Saturday, January 12, 2013

Martini Time (and a Thyme Martini)

Greetings from the bleak shores of post-holiday confusion, where those of us in northern latitudes stumble around in the cold and dark, numbly bumping into things. (“Stupid parking meter!”) Martinis help a lot. It’s true that they increase the delirium but then you don’t mind it as much as you did before. They seem so astringent and boozy that you can’t help but think after a sip or two that they’re good for everything that ails you. (They’re not, but even so….)

And there’s something comforting in that trace of brine from an olive. Its savoriness is sort of bracing—like soup for people who drink. That’s why I like a garlic-stuffed olive. Big flavor. Substantial. Add a green herb and it’s practically a meal. I’ll just illustrate with a recipe here:


Thyme Martini
  • 2 oz London dry gin
  • 1 oz dry vermouth
  • thyme sprig
  • lemon peel
  • scant pinch sea salt
Gently muddle a 2- or 3-inch sprig of thyme with a wide, thin piece of lemon peel and a pinch of sea salt. Add plenty of ice and the gin and vermouth. Stir and double strain. (Second one is mesh to catch the bits.) Garlic-stuffed olive.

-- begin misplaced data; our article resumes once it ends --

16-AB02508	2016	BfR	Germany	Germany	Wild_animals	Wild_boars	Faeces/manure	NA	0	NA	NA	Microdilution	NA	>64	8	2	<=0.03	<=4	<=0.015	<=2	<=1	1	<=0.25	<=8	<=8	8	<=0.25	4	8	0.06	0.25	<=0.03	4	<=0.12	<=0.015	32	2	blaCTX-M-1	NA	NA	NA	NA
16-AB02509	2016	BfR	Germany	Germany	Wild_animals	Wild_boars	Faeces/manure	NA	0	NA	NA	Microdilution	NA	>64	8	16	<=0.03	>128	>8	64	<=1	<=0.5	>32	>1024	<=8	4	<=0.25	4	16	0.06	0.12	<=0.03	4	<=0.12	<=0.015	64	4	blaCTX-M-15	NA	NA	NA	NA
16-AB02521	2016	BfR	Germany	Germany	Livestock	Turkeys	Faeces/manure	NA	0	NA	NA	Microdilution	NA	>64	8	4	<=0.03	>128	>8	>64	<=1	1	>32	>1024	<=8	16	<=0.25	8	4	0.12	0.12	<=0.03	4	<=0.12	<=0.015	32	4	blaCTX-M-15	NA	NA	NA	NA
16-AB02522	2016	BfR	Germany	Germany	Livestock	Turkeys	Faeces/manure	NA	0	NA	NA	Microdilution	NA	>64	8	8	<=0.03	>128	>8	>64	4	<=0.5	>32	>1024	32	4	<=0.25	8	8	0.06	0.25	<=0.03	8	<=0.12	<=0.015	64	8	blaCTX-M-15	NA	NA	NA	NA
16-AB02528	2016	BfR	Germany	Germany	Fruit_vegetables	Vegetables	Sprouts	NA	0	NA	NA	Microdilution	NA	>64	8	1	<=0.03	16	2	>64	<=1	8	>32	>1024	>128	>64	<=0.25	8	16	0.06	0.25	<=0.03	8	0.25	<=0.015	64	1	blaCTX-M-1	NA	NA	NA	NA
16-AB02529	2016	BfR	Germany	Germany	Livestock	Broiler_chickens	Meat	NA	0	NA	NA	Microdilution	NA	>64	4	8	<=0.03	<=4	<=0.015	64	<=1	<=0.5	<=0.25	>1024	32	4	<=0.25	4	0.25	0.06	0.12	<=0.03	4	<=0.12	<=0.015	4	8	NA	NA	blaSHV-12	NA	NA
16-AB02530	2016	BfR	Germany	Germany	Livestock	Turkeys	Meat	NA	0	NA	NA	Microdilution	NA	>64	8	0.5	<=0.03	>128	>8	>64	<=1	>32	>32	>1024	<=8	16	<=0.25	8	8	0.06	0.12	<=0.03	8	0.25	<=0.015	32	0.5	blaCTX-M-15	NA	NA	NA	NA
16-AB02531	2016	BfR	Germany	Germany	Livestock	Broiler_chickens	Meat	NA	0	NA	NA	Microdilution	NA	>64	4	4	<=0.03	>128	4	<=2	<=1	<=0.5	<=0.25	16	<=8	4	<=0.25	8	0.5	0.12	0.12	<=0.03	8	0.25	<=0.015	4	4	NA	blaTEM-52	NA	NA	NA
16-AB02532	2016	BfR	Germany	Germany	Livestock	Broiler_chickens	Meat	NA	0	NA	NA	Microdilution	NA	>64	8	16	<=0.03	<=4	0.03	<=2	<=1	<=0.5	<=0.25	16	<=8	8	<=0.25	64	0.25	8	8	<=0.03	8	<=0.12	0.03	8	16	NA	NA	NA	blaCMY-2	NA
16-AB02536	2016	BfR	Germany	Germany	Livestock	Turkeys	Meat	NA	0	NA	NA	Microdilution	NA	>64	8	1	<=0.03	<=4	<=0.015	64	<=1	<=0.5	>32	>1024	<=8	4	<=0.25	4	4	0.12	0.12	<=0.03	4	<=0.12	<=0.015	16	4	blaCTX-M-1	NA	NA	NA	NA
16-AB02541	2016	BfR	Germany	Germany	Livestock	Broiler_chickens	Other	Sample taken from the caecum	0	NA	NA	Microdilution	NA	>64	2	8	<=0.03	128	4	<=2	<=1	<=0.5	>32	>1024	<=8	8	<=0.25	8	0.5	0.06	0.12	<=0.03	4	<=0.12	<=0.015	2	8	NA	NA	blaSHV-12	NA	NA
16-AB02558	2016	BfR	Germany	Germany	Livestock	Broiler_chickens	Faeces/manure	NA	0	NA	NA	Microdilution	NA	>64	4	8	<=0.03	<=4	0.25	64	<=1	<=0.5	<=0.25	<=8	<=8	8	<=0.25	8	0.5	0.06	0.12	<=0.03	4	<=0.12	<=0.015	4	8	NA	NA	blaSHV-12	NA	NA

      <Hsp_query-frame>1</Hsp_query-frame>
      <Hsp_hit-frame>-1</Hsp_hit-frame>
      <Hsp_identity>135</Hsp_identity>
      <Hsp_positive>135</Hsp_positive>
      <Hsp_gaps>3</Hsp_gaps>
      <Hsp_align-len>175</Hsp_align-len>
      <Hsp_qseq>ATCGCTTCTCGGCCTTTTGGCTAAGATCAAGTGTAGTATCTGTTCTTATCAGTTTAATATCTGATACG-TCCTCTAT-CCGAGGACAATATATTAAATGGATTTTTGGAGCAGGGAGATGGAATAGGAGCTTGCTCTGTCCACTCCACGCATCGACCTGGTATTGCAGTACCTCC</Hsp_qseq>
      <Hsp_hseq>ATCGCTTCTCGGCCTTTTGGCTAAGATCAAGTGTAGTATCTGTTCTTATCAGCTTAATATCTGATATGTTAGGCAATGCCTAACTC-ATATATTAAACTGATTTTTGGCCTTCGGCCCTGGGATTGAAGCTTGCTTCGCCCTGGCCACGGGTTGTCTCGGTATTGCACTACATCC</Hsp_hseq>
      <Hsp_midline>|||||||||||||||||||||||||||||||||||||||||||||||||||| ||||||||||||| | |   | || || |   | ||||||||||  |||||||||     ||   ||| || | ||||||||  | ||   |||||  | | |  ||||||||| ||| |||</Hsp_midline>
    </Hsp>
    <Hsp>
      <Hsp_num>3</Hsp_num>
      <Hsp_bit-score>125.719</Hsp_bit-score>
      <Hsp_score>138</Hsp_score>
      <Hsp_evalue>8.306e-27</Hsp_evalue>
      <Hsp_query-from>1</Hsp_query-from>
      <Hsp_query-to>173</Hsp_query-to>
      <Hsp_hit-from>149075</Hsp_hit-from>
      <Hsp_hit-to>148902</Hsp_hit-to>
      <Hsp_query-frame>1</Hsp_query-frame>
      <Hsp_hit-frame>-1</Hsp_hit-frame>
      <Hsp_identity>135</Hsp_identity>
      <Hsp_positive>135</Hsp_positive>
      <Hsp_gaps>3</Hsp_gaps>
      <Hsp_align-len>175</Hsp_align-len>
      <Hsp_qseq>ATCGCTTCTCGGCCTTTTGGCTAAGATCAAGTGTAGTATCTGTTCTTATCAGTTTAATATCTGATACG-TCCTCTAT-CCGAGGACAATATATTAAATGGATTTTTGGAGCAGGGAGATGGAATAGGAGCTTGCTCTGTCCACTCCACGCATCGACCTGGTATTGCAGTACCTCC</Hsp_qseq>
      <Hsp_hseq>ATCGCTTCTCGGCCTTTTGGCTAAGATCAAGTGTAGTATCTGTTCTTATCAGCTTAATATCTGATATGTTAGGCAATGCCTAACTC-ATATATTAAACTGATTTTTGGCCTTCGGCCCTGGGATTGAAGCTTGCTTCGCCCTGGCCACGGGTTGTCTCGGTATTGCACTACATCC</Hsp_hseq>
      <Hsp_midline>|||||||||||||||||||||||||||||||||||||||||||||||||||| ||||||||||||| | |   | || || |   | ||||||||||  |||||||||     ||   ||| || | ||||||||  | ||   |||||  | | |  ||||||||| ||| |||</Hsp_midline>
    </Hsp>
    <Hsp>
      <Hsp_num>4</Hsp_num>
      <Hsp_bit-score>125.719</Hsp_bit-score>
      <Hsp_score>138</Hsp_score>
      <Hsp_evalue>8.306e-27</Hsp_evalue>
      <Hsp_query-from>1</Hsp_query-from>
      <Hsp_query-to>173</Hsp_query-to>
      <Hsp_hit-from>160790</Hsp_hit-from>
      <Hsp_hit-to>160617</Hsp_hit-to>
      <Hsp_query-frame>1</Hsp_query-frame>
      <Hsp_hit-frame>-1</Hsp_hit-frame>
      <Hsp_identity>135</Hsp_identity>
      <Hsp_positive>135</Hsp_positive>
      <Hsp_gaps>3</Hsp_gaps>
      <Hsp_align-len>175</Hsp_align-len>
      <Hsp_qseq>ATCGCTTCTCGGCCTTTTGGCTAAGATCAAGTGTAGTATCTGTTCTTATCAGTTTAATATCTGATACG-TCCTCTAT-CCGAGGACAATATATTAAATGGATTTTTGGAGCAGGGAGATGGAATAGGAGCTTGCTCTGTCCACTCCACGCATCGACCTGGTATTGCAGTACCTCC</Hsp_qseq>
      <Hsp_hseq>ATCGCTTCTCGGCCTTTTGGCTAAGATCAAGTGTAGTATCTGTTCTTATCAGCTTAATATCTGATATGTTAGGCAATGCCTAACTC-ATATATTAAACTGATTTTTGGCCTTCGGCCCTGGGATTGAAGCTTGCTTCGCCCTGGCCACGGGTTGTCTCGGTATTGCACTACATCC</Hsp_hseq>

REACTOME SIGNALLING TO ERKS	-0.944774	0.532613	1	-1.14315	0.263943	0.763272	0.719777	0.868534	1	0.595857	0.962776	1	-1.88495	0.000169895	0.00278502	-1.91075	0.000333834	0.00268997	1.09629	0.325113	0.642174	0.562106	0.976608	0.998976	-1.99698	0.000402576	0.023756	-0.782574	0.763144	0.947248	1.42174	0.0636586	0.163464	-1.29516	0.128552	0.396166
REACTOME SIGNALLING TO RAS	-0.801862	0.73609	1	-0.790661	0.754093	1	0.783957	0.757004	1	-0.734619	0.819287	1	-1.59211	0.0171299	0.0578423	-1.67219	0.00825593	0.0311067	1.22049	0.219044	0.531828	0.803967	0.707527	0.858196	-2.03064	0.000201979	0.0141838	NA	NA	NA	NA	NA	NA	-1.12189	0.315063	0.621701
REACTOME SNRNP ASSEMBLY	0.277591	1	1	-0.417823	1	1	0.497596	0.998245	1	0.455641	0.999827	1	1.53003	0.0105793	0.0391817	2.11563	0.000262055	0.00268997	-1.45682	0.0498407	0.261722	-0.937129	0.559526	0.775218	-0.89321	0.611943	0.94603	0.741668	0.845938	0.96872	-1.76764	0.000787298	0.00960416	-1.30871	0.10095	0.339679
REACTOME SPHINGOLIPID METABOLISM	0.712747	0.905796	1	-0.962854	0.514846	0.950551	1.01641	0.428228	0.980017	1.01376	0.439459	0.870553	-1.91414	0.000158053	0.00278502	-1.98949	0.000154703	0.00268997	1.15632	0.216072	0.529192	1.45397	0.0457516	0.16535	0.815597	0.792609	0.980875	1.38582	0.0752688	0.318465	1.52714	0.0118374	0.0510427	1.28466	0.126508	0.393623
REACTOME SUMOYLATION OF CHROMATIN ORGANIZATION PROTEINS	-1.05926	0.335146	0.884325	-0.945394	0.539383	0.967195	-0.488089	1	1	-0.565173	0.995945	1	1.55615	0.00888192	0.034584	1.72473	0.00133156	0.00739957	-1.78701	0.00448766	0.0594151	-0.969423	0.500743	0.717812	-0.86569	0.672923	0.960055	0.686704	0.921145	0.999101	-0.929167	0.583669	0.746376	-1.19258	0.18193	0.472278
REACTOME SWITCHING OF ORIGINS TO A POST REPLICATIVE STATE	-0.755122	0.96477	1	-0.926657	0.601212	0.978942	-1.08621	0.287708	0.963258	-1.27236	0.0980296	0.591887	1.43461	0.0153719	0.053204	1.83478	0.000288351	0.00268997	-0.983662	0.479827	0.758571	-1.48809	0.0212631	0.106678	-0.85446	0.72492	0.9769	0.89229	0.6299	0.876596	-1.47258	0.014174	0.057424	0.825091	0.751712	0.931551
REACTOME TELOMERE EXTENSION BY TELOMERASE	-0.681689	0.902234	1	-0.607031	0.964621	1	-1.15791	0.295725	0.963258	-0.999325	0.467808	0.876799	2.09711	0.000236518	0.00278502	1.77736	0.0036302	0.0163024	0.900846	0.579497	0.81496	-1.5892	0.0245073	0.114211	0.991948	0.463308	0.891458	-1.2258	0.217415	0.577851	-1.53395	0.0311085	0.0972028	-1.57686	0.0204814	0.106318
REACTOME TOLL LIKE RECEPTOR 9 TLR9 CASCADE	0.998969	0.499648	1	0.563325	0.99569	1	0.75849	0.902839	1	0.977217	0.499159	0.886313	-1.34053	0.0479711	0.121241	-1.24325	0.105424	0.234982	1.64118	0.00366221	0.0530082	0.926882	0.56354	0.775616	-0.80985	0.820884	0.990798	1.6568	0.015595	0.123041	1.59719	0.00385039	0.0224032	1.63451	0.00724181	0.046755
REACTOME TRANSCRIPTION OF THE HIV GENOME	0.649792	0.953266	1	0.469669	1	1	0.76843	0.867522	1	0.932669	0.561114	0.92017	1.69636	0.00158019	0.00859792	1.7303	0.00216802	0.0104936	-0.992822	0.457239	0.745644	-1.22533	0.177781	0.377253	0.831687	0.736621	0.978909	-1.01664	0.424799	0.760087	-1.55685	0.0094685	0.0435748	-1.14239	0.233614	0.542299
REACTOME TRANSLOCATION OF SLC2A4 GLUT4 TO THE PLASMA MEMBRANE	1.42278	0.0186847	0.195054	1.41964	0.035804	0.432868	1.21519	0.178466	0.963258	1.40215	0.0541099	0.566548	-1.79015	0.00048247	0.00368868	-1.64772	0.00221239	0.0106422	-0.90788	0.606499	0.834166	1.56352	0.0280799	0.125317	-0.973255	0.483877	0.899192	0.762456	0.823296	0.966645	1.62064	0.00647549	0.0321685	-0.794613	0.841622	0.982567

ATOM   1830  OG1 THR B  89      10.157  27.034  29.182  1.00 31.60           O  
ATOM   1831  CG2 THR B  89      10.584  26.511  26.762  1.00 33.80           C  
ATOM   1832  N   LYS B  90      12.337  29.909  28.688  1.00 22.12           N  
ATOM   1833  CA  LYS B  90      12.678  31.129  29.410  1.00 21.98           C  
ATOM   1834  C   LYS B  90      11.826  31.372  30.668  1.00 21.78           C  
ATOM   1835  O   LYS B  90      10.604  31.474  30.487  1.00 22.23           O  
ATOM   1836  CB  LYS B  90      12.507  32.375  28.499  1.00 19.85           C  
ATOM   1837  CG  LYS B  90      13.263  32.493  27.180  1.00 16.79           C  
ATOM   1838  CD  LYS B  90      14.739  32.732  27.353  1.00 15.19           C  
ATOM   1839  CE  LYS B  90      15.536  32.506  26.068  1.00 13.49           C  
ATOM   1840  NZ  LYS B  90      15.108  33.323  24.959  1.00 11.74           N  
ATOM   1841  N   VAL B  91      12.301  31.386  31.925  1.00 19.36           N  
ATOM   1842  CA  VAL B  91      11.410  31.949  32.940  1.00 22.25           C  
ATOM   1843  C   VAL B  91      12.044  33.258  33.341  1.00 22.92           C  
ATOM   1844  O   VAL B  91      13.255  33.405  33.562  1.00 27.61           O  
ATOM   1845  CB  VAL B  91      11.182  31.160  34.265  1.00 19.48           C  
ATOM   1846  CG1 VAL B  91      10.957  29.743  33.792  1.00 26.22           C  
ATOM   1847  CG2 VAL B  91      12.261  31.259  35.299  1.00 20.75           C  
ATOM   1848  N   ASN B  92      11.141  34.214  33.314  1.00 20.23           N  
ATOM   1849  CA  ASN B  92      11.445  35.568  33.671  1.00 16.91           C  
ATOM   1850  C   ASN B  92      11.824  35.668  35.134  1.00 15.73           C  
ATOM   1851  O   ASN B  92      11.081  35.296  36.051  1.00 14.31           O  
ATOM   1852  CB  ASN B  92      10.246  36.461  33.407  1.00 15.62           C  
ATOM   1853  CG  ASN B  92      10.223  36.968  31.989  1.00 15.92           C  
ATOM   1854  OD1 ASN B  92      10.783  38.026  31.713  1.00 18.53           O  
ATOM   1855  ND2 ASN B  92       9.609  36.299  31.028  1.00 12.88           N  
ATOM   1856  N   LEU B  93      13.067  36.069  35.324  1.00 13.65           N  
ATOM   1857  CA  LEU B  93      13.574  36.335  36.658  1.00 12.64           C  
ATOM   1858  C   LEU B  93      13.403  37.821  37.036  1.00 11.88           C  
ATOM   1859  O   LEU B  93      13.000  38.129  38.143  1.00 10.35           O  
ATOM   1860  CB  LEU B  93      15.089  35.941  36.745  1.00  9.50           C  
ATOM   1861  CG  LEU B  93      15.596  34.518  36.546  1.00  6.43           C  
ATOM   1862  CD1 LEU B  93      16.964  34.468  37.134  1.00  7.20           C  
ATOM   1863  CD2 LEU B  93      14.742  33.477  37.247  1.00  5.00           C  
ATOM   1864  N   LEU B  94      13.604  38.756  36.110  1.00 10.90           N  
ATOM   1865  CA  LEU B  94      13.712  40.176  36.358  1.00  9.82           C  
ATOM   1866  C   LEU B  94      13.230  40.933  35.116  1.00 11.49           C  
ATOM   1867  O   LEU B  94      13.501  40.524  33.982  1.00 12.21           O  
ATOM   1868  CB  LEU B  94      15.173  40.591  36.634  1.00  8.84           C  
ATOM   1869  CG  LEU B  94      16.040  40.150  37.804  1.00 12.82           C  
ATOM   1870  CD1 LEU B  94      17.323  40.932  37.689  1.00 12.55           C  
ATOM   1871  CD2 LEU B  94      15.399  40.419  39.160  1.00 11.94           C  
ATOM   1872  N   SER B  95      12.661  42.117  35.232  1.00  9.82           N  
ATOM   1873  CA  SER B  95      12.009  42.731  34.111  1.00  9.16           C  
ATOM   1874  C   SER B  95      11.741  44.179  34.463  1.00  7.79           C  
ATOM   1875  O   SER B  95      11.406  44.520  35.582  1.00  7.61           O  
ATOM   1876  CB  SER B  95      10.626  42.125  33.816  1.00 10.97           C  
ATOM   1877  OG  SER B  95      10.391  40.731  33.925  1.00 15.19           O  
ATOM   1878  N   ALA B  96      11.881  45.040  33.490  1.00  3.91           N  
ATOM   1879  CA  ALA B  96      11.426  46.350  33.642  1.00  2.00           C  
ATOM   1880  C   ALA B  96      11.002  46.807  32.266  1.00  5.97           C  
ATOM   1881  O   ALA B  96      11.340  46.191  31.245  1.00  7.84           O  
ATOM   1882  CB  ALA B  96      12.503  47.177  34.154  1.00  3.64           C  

ROWEN, FOGGED IN LOUNGE

This is exactly what it sounds like, a Dry Martini with stronger herbal notes. Think about going easy on the muddler since the thyme can get pretty assertive if you mash it hard. (I guess you could add more booze to dilute it. Heh.)

What’s that salt doing there? Why not extra olive brine? I gotta say I’m not crazy about the Dirty Martini for some reason. I understand why other people like them but to me, they always taste, uh, dirty. But a small pinch of sea salt in a cocktail like this is very nice indeed.

2 comments:

  1. I have some olives stuffed with onions. True story.

    ReplyDelete
    Replies
    1. Far out! Betcha that would work too.

      Delete

 
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